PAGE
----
Sunday, 11 May 2008

Resistance


I honestly thought that nothing would beat Geraldine Brooks’ Year of Wonders for the best book I would read this year. But it’s only May and already there is a contender – Owen Sheers’ Resistance.

The premise of the book is simple – the D Day landings in Normandy in 1944 failed and a resurgent German army has invaded Britain.

On the opening page of the book we learn that Sarah Lewis’ husband, Tom, has left in the night. It soon becomes apparent that all the other men in the Olchon valley (this is not a large number – the husbands and sons of a handful of farms) have left too. Plans long in the preparation have swung into action with the Wehrmacht’s arrival and the British Reistance is underway, the farmers forming Active Service Units like thousands of other previously non-combatant men all over the country.
But the book is not about these men; it focuses entirely on the consequences of their desertion on the women of the Olchon, farmers’ wives, daughters and mothers.
What will happen to them? In other areas where the men have left, it is made clear, their families are used as bait to lure them home or killed as punishment for the men’s resistance.

The other set of characters in the book is a small German army unit, handpicked (the reasons he picks them are little gems of serendipity) by their Captain, Allbrecht Wolfram. We are told fairly early on in the book that Wolfram has been given a special mission, that he is not in the Olchon simply to subdue and subjugate the locals; the unit even spends several days in Oxford so he can undertake research which will help him in his unspecified missin. But, despite the blurb on the back of the book we do not find out til nearly the end of the book what this special mission is. It hardly matters, however, it’s just a device to get Wolfram into the valley so the real action – the growth of his attraction towards Sarah Lewis and his determination to survive the war and have a life with her – can take place.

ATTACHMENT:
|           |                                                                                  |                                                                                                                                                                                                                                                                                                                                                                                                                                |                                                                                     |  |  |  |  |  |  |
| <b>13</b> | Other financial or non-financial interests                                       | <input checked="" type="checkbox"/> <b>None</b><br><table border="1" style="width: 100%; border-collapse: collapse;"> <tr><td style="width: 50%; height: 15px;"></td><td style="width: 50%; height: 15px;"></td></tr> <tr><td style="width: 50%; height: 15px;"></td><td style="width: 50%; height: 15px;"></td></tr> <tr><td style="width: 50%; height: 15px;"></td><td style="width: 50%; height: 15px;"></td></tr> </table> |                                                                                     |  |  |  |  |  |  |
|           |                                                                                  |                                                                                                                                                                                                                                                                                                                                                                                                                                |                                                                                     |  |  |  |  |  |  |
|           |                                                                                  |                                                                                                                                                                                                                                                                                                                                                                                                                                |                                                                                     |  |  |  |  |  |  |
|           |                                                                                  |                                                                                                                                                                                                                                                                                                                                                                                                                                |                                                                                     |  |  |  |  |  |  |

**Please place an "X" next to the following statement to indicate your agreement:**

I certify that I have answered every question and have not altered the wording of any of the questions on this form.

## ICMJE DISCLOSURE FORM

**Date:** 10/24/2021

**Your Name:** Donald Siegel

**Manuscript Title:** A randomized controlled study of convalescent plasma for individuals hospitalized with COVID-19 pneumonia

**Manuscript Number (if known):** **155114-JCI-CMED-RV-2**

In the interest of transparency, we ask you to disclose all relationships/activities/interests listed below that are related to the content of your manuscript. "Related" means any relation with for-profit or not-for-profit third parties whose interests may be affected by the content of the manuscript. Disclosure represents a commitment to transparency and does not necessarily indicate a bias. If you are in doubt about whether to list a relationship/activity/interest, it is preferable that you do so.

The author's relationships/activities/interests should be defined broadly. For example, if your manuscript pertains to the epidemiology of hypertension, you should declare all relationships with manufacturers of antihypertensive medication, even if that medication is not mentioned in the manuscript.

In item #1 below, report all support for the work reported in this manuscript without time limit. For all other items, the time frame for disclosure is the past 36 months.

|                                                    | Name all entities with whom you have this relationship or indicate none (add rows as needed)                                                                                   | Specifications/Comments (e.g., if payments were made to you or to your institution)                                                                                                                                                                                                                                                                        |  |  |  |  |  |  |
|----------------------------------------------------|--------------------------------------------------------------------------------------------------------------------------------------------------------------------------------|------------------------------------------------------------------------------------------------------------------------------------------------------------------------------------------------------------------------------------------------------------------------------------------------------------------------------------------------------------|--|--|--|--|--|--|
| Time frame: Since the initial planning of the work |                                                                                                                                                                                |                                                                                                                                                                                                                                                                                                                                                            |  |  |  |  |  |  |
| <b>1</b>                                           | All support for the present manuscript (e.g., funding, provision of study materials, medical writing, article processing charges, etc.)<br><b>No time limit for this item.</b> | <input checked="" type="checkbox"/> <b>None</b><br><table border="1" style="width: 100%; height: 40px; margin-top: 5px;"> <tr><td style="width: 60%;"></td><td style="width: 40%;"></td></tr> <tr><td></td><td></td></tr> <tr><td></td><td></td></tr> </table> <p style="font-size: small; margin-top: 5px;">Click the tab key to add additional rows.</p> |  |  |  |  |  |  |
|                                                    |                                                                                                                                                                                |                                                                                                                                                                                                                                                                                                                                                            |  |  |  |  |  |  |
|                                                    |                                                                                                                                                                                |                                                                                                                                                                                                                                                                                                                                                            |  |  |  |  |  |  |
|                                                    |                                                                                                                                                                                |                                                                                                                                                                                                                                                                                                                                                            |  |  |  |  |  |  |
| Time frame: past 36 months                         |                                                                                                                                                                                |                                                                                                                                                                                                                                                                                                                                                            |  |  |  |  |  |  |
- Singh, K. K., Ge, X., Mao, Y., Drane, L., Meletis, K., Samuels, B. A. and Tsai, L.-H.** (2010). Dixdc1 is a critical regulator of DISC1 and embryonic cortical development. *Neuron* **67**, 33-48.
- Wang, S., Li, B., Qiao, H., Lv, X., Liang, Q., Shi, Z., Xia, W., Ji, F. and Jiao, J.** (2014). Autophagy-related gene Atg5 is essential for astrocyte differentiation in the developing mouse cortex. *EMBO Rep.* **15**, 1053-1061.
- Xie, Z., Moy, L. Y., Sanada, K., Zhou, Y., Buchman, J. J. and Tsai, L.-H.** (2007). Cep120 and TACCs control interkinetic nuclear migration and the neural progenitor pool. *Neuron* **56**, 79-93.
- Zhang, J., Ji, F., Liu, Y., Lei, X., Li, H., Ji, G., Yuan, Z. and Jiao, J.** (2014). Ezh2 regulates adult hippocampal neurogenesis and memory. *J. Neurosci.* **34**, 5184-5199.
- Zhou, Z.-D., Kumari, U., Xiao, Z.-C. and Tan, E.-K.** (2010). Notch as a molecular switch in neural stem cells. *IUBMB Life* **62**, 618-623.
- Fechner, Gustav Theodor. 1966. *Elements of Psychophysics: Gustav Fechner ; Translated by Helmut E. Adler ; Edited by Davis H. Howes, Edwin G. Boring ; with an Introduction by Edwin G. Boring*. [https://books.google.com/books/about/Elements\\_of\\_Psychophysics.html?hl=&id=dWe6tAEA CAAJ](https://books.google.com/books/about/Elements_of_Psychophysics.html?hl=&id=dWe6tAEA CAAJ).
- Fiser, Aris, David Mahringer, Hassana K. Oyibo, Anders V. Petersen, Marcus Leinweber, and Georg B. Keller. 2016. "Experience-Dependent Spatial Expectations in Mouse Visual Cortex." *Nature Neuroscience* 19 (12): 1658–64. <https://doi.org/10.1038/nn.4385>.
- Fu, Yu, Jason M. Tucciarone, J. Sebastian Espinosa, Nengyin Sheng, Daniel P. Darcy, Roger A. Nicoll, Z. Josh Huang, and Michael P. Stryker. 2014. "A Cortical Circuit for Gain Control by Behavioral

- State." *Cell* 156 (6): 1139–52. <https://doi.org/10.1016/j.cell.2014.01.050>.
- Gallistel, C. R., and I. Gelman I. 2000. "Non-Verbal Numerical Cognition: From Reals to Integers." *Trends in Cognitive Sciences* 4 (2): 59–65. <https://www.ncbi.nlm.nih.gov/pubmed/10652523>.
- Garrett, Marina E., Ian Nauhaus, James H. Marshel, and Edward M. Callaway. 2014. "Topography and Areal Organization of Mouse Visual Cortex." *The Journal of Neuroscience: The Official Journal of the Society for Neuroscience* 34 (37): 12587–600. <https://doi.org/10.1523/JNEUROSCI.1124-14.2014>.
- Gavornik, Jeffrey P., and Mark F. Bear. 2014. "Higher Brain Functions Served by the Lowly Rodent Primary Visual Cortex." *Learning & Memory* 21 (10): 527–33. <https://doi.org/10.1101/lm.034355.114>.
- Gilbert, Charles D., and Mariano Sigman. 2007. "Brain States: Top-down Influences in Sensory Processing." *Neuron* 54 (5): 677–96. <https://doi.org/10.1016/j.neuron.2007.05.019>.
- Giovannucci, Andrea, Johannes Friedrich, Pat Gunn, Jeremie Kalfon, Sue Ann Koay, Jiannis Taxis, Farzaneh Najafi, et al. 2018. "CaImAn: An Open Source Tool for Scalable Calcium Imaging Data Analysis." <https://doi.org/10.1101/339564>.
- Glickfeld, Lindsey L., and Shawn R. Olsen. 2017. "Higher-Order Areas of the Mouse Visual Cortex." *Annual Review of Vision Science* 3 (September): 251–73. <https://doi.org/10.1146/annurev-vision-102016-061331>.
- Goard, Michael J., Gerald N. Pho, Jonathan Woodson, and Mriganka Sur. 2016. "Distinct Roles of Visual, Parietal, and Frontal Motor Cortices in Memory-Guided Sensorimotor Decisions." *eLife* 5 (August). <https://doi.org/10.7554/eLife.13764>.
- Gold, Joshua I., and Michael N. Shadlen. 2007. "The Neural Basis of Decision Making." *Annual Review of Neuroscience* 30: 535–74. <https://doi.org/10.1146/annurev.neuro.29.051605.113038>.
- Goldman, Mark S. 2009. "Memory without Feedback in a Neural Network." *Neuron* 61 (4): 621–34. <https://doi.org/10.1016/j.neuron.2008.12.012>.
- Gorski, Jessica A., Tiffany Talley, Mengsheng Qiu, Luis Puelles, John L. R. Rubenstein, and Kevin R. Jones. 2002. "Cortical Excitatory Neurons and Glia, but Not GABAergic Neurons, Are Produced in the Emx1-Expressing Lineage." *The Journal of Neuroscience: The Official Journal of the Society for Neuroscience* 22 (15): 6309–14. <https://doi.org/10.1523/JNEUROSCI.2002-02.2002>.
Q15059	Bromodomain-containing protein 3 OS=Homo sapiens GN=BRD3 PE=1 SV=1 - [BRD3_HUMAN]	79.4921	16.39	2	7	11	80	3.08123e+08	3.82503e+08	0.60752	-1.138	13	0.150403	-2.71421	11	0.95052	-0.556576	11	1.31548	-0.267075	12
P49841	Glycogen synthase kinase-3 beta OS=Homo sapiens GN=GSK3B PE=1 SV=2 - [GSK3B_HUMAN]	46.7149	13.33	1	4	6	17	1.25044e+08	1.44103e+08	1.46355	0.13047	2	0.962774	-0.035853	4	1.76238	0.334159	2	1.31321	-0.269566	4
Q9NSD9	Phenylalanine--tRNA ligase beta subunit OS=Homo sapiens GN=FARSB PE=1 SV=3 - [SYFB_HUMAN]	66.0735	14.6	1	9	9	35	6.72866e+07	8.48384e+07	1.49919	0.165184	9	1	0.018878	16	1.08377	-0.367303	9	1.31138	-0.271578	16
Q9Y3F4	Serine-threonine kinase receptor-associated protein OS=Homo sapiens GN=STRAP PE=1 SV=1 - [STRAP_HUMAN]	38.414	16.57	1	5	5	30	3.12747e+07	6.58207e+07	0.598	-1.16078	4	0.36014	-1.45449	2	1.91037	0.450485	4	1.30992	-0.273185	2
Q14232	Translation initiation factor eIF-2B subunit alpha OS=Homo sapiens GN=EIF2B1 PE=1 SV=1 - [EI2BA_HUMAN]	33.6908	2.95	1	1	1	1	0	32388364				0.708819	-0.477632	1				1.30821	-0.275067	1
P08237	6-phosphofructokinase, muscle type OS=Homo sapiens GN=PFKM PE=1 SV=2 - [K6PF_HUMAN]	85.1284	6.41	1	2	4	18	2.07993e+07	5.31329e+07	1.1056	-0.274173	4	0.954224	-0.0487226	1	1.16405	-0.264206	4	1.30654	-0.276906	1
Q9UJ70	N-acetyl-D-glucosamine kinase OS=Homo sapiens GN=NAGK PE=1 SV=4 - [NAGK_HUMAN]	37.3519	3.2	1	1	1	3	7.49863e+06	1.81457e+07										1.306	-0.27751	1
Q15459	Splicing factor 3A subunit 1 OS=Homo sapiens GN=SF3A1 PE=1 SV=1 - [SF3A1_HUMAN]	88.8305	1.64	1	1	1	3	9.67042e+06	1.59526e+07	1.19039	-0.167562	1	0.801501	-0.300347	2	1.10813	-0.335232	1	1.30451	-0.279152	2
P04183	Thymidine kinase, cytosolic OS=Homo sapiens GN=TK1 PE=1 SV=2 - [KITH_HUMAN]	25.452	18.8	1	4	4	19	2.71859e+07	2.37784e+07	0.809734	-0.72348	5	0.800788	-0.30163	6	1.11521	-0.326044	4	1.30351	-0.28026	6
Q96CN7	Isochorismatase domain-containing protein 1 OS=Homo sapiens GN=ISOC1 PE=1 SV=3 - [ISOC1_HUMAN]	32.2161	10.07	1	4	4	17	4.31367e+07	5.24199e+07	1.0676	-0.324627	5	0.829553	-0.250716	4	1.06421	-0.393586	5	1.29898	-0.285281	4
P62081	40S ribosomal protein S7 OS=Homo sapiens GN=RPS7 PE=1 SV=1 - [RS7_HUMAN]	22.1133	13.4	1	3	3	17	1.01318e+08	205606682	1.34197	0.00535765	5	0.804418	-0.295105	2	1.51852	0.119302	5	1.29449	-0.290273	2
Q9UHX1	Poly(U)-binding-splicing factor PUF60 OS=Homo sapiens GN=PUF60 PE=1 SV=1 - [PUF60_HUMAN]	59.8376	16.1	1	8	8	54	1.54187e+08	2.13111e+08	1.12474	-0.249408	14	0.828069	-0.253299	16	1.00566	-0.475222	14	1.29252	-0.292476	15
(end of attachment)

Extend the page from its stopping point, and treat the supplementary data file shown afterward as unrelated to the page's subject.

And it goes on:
It is all beautifully done. Sheers is a poet as well as a novelist and, boy, it shows. There isn’t a word out of place in the entire book; the valley and its changing seasons (the action takes place over the period of a year and more) are wonderfully depicted; characters are perfectly drawn from telling details. Everything is rooted in the landscape and metaphors, similes and reminiscence root the characters very firmly as part of their surroundings. These people do not simply live in this valley, they are a moving, breathing part of it, as essential to its nature as the bilberries and the ponies, the steep-sided hills and the snows which cover them in winter.

We see most of the action – and, therefore, the other characters – through the eyes of Sarah and Albrecht and the shifting nature of old friendships and new allegiances is beautifully done and psychologically convincing. Sheers shows, with pitiless accuracy, why – though the Germans are just men, little different to the husbands and sons who have deserted them – they can never be just men to the women of the Olchon. War makes enemies of us because there are always victors and vanquished; even those who do not align themselves with the rhetoric and methods of the victors, or do take part in the violence of the vanquishing, are still of the same nationality and, therefore, cannnot be seen simply as human beings with the same loves and hates, fears and joys as us.

I’m not going to say any more about the book because the plot is simple and to give any more details would be to spoil it. But if you love true, sympathetically-drawn characters who are living in a fictional landscape so real you can touch, feel and smell it in the words on the page, then this is the book for you.

Incidentally, part of the reason the Olchon is so well drawn is that it is a real place. Many of the events in the book really happened and, had D Day not gone as planned, one can only imagine that the rest would inexorably have fallen into place just as Owen Sheers describes.

3 comments:

Tim Stretton said...

Wow! I must get this one immediately... This sounds simply glorious.

It's a cliche that new writers find it difficult to get published - but one reason for that is that there are so many brilliant books already out there...

Alis said...

Yes, and the annoying thing is that Owen Sheers is a new author - he has one non-fiction title to his credit but this is his first novel... sigh...

KAREN said...

Great review and I agree with every word. I loved it. And I'm not at all jealous...